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How does the stock market work?

Understanding the Stock Market

What is the Stock Market?

The stock market is a dynamic marketplace where buyers and sellers trade shares of publicly listed companies. It serves as a platform for investors to buy and sell ownership in businesses, enabling companies to raise capital and investors to profit from the growth of those businesses potentially.

Key Players

1. **Investors:** Individuals or institutions who buy and sell stocks.
2. **Companies:** Businesses that issue stocks to raise capital.
3. **Brokers:** Intermediaries facilitating stock trades.
4. **Regulators:** Government entities ensuring fair practices.

How it Works

 Stocks and Shares

- Stocks: Represent ownership in a company.
- Shares: Individual units of stock.

 Buying and Selling

1. Stock Exchanges: Platforms where stocks are bought and sold (e.g., NYSE, NASDAQ).
2. Brokers: Connect buyers and sellers.
3. Orders: Instructions to buy or sell stocks.

Stock Prices

- Supply and Demand: Prices fluctuate based on market forces.
- Market Capitalization: Total value of a company's outstanding shares.

The stock market is a place where companies can grow capital by selling their stock/equity to people/investors. The shareholders and investors then have partial ownership of the company If they were to buy the company's stock. This allows them to have voting rights for their ownership of the company. This also allows them to obtain the company's corporate earnings in the form of Capital gains or Dividend payments. This allows companies to get more funding to better help themselves and for investors to make money from the company's stock. 

One way people can make money from the stock market is:

A company is realising their quarterly reports and the stock price will change whether the company has a positive or negative report. 

Jeff thinks that this company will have net profit and that the quarterly report will be positive. So he wants to buy shares of the stock.

Let's say the stock price is priced at $100. Jeff thinks that the stock will do really well so he is willing to risk more money. He decides to buy $10,000 worth of stock in this company. Now for the math:

$10,000(total investment) / $100(stock price) = 100(shares in the company stock)

The company ends up doing great and the stock price rises to $102.  

This means that the stock price increased by $2.

$102(new stock price) - $100(original stock price) = $2(share price gains)

Now Jeff sells all of his shares and collects this income from capital gains. Let's calculate How much he would make from this. There are a couple ways to calculate this, so here is a couple.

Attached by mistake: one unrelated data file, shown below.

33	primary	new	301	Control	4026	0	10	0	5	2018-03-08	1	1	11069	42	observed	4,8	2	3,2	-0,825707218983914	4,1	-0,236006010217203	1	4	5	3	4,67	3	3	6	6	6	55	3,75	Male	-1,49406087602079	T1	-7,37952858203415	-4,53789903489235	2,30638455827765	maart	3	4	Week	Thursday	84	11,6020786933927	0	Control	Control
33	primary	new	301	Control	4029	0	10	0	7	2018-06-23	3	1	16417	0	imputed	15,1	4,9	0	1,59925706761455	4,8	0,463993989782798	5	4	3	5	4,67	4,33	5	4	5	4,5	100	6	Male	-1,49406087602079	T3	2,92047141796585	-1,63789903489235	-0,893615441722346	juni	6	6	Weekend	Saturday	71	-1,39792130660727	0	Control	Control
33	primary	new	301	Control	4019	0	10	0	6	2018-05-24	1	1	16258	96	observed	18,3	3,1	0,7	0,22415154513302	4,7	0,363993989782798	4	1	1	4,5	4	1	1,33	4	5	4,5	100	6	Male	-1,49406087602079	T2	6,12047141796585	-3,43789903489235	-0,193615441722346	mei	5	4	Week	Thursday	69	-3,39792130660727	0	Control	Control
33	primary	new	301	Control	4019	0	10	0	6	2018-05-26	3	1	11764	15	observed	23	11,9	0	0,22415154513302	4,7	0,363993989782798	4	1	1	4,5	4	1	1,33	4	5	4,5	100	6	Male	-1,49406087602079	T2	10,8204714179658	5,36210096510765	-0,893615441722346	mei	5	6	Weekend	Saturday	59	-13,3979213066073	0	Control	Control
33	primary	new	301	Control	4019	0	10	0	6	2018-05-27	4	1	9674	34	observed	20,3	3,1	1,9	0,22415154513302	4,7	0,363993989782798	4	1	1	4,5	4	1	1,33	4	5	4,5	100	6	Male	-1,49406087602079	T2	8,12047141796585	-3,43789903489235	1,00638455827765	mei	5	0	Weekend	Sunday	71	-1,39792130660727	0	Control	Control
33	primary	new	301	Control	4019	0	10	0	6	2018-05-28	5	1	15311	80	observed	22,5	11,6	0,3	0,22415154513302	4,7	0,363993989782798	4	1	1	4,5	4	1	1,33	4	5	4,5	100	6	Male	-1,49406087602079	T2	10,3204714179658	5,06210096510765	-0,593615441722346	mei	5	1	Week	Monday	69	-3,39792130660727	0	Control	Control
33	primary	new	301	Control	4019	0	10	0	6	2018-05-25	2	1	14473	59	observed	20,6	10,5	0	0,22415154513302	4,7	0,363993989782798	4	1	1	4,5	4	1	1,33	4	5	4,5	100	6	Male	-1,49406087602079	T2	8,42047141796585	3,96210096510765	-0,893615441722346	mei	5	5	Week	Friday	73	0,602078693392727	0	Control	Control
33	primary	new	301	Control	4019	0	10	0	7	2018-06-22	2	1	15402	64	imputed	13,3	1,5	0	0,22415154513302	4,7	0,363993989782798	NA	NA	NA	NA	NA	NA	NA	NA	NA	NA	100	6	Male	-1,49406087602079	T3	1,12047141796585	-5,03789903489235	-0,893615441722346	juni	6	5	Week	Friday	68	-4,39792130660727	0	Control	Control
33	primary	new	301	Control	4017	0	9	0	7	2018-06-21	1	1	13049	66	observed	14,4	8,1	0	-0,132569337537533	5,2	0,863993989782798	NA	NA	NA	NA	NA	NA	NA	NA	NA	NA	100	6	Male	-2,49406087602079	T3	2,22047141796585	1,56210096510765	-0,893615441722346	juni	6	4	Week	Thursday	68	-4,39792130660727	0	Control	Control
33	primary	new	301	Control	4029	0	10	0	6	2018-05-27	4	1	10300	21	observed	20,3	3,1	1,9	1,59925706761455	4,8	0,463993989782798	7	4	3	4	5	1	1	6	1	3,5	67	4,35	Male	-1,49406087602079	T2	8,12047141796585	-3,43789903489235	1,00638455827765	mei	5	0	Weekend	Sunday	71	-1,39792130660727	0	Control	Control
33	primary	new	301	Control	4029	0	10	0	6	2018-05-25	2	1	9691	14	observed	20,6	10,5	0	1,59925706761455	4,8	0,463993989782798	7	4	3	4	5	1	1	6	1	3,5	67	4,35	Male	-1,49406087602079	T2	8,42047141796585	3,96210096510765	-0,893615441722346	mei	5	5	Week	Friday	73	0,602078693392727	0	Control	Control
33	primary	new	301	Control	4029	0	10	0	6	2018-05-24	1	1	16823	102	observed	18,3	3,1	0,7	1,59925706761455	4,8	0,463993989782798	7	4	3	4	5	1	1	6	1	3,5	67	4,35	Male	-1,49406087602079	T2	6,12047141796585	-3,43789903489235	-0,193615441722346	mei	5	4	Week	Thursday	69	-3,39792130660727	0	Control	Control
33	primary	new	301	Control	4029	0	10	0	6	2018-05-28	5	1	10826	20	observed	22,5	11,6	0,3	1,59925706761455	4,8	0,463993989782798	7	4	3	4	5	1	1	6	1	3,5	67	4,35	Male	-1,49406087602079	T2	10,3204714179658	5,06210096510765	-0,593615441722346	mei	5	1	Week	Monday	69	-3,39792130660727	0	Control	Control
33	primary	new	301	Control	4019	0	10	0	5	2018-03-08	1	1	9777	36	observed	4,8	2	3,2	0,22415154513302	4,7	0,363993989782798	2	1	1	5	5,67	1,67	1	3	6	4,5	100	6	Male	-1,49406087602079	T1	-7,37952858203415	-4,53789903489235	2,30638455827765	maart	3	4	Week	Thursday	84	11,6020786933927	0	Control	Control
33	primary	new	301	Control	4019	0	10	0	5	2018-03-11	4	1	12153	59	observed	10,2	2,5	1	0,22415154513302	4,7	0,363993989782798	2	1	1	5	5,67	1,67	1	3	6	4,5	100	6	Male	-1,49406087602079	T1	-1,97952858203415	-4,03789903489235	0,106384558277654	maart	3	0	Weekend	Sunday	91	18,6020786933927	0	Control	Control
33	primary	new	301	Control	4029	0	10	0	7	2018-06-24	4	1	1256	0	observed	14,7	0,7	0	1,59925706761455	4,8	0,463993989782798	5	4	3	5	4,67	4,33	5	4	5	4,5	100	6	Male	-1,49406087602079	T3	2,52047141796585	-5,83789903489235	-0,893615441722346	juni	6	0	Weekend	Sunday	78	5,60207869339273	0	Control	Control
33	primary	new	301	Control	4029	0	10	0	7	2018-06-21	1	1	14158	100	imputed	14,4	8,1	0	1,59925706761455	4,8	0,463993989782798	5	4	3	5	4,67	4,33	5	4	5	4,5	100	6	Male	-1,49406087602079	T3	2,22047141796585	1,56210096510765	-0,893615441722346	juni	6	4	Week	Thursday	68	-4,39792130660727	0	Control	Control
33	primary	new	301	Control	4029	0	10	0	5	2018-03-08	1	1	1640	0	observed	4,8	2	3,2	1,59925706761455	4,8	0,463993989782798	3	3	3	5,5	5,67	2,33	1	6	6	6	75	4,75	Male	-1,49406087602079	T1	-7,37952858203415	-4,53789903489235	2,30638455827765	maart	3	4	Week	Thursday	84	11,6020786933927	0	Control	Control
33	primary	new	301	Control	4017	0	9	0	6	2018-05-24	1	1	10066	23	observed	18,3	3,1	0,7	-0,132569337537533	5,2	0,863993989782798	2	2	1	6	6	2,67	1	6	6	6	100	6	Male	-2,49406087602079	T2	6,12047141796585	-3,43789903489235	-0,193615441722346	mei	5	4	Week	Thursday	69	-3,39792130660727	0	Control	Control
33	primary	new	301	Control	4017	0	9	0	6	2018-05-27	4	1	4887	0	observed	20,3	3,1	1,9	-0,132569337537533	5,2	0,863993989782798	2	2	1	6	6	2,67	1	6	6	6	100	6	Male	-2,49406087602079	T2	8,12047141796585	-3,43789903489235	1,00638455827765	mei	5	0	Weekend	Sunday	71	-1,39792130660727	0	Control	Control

(100(shares owned) × $102(new stock price)) / (100(shares owned) × $100(old stock price))

$10,200(new shares value) - $10,000(original shares value) = $200(profit)

Keep in mind that this is just an example and you can lose money on this, but this an easy way to show how money can be made. This also excludes trading fees and other fees that are included with capital gains.

Capital gains: When a company's value increases, therefore, each individual share price increases, and you make monetary gains.

Dividend payments: A company will make payments either each quarter of each half year and pay their shareholders for holding the risk of holding shares in that particular company.

How can you make money from it?

  1. Buy and hold: This strategy involves buying stocks that you believe will appreciate in value over the long term, and holding onto them for an extended period of time. This can be a good approach for investors looking to build wealth over the long term and are willing to tolerate short-term fluctuations in the market.

  2. Dividend investing: Some stocks pay dividends, which are periodic payments to shareholders. By investing in dividend-paying stocks, you can earn income from your investments in addition to any capital appreciation.

  3. Options trading involves buying and selling stocks within a shorter time frame, often based on technical analysis or other market indicators. Trading can be riskier than buy-and-hold investing, as it requires a greater level of knowledge and skill to be successful. This is typically very risky, and has much higher fluctuations within the market.

  4. Investing in mutual funds or exchange-traded funds (ETFs): These types of investment vehicles allow you to invest in a diverse portfolio of stocks or other assets, which can help to mitigate risk. The diversity allows there to be lower fluctuation and more constant capital gains.

  5. Investing in Bonds with companies, governments, or municipalities. This investment strategy typically carries the lowest risk out of the other investment strategies. Bonds are basically loans that you van give out to companies, the US Government, Foreign Governments, and Government Municipals. With these, you usually will make money every year as you collect interest and eventually when the person who receives the bond pays back the principal. The yield, or return rate, depends on how risky it is to invest in that certain thing. ex. The yield would be lower for a US Treasury bond, than a small-cap/more risky company.

Its always important to realize that there is a risk with investing in the stock market and that, technically, nothing is guaranteed.

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